The Weeds outside the Systemon November 6, 2012 at 12:01 am
Just a few months back, the bracken grounds across my street were an urban jungle, a savage syndicate of weeds that had waged a few year’s worth of guerilla warfare on the street sweepers. Many a cat vanished in that pubescent jungle, presumably on some shamanic journey to its feral feline roots — generally to emerge a few weeks later, meowing on your doorstep for some food and petting.
The neighbourhood loved it, as did Mœbius (the cat).
And then, some motherfuckers razed those grounds. In one day, a decade of decent undergrowth — hell, there even stood a bunch of proud young poplar trees — went ground zero. As much as the current leaders claim love for eco-ishness, there exists little tolerance for weeds outside the system. The city management had decided to alter the map — colour a few acres of rebellious green into comfortable upper-class concrete grey. We had always known the day would come.
There’s a few interesting parts to this disheartening yarn, though.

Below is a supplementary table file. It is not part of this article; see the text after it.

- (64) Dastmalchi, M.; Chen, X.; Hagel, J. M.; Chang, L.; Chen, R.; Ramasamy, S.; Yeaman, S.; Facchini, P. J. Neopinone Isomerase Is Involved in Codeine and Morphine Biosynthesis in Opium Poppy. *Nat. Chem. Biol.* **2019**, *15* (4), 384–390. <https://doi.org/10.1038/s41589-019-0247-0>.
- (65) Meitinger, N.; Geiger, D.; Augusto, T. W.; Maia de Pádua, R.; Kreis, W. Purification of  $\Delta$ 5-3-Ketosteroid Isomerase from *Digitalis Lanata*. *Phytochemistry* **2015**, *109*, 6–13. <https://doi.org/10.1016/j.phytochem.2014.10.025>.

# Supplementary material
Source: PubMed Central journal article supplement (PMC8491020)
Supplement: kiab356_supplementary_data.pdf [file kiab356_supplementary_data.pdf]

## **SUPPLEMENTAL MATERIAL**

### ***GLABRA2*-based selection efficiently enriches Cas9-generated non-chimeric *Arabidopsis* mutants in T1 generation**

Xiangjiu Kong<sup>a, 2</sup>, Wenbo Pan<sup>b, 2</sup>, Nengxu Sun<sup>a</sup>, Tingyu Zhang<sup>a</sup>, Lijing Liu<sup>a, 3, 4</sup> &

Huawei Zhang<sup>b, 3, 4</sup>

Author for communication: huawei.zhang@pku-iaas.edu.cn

Firstly, the soil needed cleansing. That’s the transformation part: construction workers are tirelessly digging up dirt, making pits, filling those pits, and making new pits in a seemingly Sisyfean manner. Not only is this funny to watch, it’s actually an improvement, since petrochemicals surfaced everywhere. Hooray for eco-legislature.
Secondly, the management is obliged to pave streets, arrange sewage systems, even erect lightpoles (!) before any would-be builder can request a patch of ground. I sincerely look forward to walking on paved streets and sidewalks with no buildings to flank them.
Thirdly, because the aforementioned obligation, there’s a tiny window in time between completion of soil-cleansing and the arrival of the first building crews. With a bit of luck, we may just witness a resurgence of vengeful everliving weeds — if only for a few months.
Let it be. If only for Mœbius.